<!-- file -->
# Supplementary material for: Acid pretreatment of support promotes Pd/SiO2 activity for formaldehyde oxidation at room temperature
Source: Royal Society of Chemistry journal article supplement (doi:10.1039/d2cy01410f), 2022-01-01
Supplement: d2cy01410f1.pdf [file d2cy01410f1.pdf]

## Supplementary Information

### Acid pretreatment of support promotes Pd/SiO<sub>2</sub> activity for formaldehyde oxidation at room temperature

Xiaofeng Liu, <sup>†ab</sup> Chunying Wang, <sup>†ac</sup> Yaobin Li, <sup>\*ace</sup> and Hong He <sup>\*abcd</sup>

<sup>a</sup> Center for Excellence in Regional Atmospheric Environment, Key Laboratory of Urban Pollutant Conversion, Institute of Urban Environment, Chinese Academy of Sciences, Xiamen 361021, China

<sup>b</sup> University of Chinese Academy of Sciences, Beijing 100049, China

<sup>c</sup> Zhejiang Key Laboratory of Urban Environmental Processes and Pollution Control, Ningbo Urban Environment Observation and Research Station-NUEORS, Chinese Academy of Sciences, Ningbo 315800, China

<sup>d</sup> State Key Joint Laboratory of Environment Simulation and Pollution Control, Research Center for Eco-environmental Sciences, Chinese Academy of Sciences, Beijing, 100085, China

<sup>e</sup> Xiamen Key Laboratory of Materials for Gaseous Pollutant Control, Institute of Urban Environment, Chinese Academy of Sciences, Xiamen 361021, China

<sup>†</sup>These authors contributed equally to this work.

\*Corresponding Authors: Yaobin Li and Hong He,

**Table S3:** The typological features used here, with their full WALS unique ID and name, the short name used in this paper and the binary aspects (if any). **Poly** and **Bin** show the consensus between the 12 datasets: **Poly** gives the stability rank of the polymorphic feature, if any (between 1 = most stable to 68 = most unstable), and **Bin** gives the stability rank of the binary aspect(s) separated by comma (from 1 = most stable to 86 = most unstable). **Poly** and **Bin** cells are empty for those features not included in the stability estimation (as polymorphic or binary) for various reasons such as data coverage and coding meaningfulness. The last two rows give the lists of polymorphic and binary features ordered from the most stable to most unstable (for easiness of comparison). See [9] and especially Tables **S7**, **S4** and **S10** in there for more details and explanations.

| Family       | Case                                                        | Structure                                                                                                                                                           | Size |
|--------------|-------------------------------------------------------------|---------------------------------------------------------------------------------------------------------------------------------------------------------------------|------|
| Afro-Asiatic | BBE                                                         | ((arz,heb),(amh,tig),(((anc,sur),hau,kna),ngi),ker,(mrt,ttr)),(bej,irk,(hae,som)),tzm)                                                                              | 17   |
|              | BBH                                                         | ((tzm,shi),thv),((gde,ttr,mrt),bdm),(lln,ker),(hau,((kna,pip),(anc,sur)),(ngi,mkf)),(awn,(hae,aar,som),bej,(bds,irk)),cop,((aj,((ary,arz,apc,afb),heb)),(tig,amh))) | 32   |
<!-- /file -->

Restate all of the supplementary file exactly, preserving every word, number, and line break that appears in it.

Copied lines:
# Supplementary material for: Acid pretreatment of support promotes Pd/SiO2 activity for formaldehyde oxidation at room temperature
Source: Royal Society of Chemistry journal article supplement (doi:10.1039/d2cy01410f), 2022-01-01
Supplement: d2cy01410f1.pdf [file d2cy01410f1.pdf]

## Supplementary Information

### Acid pretreatment of support promotes Pd/SiO<sub>2</sub> activity for formaldehyde oxidation at room temperature

Xiaofeng Liu, <sup>†ab</sup> Chunying Wang, <sup>†ac</sup> Yaobin Li, <sup>\*ace</sup> and Hong He <sup>\*abcd</sup>

<sup>a</sup> Center for Excellence in Regional Atmospheric Environment, Key Laboratory of Urban Pollutant Conversion, Institute of Urban Environment, Chinese Academy of Sciences, Xiamen 361021, China

<sup>b</sup> University of Chinese Academy of Sciences, Beijing 100049, China

<sup>c</sup> Zhejiang Key Laboratory of Urban Environmental Processes and Pollution Control, Ningbo Urban Environment Observation and Research Station-NUEORS, Chinese Academy of Sciences, Ningbo 315800, China

<sup>d</sup> State Key Joint Laboratory of Environment Simulation and Pollution Control, Research Center for Eco-environmental Sciences, Chinese Academy of Sciences, Beijing, 100085, China

<sup>e</sup> Xiamen Key Laboratory of Materials for Gaseous Pollutant Control, Institute of Urban Environment, Chinese Academy of Sciences, Xiamen 361021, China

<sup>†</sup>These authors contributed equally to this work.

\*Corresponding Authors: Yaobin Li and Hong He,

**Table S3:** The typological features used here, with their full WALS unique ID and name, the short name used in this paper and the binary aspects (if any). **Poly** and **Bin** show the consensus between the 12 datasets: **Poly** gives the stability rank of the polymorphic feature, if any (between 1 = most stable to 68 = most unstable), and **Bin** gives the stability rank of the binary aspect(s) separated by comma (from 1 = most stable to 86 = most unstable). **Poly** and **Bin** cells are empty for those features not included in the stability estimation (as polymorphic or binary) for various reasons such as data coverage and coding meaningfulness. The last two rows give the lists of polymorphic and binary features ordered from the most stable to most unstable (for easiness of comparison). See [9] and especially Tables **S7**, **S4** and **S10** in there for more details and explanations.

| Family       | Case                                                        | Structure                                                                                                                                                           | Size |
|--------------|-------------------------------------------------------------|---------------------------------------------------------------------------------------------------------------------------------------------------------------------|------|
| Afro-Asiatic | BBE                                                         | ((arz,heb),(amh,tig),(((anc,sur),hau,kna),ngi),ker,(mrt,ttr)),(bej,irk,(hae,som)),tzm)                                                                              | 17   |
|              | BBH                                                         | ((tzm,shi),thv),((gde,ttr,mrt),bdm),(lln,ker),(hau,((kna,pip),(anc,sur)),(ngi,mkf)),(awn,(hae,aar,som),bej,(bds,irk)),cop,((aj,((ary,arz,apc,afb),heb)),(tig,amh))) | 32   |